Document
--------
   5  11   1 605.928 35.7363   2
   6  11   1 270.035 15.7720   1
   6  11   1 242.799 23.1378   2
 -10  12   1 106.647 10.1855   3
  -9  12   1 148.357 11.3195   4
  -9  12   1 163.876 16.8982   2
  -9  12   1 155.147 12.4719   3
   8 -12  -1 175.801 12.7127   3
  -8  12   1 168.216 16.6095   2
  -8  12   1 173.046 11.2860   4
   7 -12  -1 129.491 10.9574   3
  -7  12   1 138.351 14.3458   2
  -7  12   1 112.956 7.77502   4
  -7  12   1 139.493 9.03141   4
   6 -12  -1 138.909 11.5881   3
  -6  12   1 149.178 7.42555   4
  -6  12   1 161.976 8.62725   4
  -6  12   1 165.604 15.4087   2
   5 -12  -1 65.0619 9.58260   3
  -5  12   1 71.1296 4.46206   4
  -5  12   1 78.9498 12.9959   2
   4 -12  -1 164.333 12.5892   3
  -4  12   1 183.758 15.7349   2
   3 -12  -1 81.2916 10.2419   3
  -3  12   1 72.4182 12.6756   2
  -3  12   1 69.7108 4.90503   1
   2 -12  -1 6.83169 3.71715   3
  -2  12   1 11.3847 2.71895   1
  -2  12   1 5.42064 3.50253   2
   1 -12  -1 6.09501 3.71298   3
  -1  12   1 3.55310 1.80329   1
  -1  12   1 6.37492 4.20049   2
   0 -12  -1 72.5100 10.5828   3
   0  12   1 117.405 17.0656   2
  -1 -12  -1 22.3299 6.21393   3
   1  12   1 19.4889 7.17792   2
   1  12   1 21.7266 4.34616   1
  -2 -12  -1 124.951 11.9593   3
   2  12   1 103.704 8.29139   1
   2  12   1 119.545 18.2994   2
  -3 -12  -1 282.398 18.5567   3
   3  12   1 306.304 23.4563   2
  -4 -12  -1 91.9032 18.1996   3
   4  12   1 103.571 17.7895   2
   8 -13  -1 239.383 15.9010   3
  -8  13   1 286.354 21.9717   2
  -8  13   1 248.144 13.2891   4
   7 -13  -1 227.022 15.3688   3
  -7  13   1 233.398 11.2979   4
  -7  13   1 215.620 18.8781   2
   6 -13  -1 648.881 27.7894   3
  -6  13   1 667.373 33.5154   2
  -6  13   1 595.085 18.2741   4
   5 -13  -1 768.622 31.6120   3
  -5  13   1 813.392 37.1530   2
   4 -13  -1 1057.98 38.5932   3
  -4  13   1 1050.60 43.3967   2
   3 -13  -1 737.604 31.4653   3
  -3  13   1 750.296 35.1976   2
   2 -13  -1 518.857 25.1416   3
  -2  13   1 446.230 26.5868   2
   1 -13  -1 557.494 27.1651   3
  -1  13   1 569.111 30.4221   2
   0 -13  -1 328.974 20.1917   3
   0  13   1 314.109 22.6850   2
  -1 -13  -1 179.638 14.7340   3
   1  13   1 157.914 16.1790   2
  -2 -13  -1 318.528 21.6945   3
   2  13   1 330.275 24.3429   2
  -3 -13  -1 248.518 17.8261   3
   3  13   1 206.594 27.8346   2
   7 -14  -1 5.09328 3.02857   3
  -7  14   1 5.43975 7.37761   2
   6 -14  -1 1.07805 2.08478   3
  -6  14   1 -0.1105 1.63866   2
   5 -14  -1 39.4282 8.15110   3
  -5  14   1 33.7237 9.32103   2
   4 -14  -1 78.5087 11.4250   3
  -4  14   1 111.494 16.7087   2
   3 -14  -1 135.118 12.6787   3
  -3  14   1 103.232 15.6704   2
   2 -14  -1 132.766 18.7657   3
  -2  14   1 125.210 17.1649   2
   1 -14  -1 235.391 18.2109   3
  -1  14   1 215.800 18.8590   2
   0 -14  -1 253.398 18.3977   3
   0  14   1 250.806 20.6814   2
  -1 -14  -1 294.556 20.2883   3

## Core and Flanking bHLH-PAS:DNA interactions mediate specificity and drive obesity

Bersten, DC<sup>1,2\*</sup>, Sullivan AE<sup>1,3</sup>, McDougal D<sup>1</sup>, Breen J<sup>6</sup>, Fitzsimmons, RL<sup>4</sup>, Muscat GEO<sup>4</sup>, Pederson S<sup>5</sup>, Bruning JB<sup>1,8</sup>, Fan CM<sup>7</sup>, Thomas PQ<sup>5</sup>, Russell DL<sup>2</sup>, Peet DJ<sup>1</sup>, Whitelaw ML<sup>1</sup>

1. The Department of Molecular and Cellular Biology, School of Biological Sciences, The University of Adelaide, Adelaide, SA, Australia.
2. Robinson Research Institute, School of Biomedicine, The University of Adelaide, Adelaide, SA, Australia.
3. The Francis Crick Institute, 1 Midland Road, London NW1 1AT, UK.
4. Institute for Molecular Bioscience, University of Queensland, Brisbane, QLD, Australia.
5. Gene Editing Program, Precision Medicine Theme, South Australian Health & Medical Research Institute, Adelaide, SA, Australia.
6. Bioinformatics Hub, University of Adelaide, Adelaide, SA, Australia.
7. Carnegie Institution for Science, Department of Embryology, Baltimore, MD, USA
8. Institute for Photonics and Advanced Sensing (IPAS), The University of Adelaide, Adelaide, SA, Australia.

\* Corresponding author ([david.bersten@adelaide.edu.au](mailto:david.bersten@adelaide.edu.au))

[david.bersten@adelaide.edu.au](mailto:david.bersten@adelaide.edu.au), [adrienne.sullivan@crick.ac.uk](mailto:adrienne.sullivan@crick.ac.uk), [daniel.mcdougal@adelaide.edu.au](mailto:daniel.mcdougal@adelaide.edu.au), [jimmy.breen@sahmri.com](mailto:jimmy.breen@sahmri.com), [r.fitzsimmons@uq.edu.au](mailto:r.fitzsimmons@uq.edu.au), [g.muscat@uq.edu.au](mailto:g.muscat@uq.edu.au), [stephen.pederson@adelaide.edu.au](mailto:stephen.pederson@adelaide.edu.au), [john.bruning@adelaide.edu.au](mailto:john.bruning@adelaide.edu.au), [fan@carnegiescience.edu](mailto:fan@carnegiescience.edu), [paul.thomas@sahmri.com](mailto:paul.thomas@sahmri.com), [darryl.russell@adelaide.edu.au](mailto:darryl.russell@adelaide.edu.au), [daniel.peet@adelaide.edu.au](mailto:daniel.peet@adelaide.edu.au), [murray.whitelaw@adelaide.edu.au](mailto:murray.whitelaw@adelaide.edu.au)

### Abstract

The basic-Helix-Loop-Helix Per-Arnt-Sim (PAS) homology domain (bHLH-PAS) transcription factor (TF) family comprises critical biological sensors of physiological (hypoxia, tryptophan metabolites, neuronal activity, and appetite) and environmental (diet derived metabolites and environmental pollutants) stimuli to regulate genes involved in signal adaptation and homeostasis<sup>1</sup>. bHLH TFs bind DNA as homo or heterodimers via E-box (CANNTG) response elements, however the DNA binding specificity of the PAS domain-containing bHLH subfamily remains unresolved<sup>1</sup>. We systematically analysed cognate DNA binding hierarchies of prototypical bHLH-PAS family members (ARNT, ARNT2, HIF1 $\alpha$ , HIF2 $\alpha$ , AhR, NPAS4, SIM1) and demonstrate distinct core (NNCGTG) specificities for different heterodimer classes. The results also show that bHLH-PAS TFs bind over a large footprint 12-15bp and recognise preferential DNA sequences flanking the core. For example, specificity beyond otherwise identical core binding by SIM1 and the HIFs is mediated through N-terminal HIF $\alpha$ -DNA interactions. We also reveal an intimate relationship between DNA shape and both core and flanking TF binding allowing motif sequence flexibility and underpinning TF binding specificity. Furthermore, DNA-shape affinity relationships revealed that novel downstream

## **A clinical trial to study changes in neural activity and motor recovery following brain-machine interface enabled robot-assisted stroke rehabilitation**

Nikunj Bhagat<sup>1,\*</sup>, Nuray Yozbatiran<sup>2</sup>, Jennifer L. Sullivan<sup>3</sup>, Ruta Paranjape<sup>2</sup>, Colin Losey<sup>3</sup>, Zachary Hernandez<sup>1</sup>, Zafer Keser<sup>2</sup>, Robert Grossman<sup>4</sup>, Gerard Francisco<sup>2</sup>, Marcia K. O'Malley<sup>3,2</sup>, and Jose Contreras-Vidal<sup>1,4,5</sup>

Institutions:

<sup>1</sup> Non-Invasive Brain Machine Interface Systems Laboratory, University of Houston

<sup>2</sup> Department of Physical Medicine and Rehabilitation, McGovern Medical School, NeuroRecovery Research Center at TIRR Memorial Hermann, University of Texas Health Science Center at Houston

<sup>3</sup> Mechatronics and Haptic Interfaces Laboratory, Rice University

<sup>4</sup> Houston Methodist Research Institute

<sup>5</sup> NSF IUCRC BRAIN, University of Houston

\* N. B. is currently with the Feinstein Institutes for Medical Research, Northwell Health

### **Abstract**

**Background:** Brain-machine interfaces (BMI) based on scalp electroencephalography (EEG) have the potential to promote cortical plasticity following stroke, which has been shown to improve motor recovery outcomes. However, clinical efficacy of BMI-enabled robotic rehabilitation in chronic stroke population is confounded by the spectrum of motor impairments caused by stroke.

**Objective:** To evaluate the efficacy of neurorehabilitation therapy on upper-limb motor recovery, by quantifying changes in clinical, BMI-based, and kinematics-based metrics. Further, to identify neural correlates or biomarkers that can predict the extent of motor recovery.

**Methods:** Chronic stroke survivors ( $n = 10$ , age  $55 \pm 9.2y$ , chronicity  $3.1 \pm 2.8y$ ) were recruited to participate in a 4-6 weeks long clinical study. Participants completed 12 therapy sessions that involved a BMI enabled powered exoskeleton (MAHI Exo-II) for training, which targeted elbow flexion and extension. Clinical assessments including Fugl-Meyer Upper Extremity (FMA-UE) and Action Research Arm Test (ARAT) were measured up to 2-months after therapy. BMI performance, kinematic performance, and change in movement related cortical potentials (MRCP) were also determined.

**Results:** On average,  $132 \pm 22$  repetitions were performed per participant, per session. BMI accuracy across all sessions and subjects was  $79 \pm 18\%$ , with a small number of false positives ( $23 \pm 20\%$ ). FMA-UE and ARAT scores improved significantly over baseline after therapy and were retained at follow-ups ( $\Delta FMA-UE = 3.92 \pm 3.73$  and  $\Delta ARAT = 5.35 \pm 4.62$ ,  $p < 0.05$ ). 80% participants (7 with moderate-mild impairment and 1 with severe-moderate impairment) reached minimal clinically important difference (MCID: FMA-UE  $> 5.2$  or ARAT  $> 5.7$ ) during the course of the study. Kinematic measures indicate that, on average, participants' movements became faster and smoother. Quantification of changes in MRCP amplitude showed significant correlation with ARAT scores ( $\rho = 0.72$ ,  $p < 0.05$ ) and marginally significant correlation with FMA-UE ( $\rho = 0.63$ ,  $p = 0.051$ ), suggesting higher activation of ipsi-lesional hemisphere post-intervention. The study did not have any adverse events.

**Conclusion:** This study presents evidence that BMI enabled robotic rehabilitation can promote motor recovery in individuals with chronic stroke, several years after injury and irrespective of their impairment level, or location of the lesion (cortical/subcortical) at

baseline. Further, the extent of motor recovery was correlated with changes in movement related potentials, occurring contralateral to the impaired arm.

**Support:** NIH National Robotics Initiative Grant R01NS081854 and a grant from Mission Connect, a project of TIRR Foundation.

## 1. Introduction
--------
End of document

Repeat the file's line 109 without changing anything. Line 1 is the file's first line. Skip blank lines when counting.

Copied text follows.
<sup>4</sup> Houston Methodist Research Institute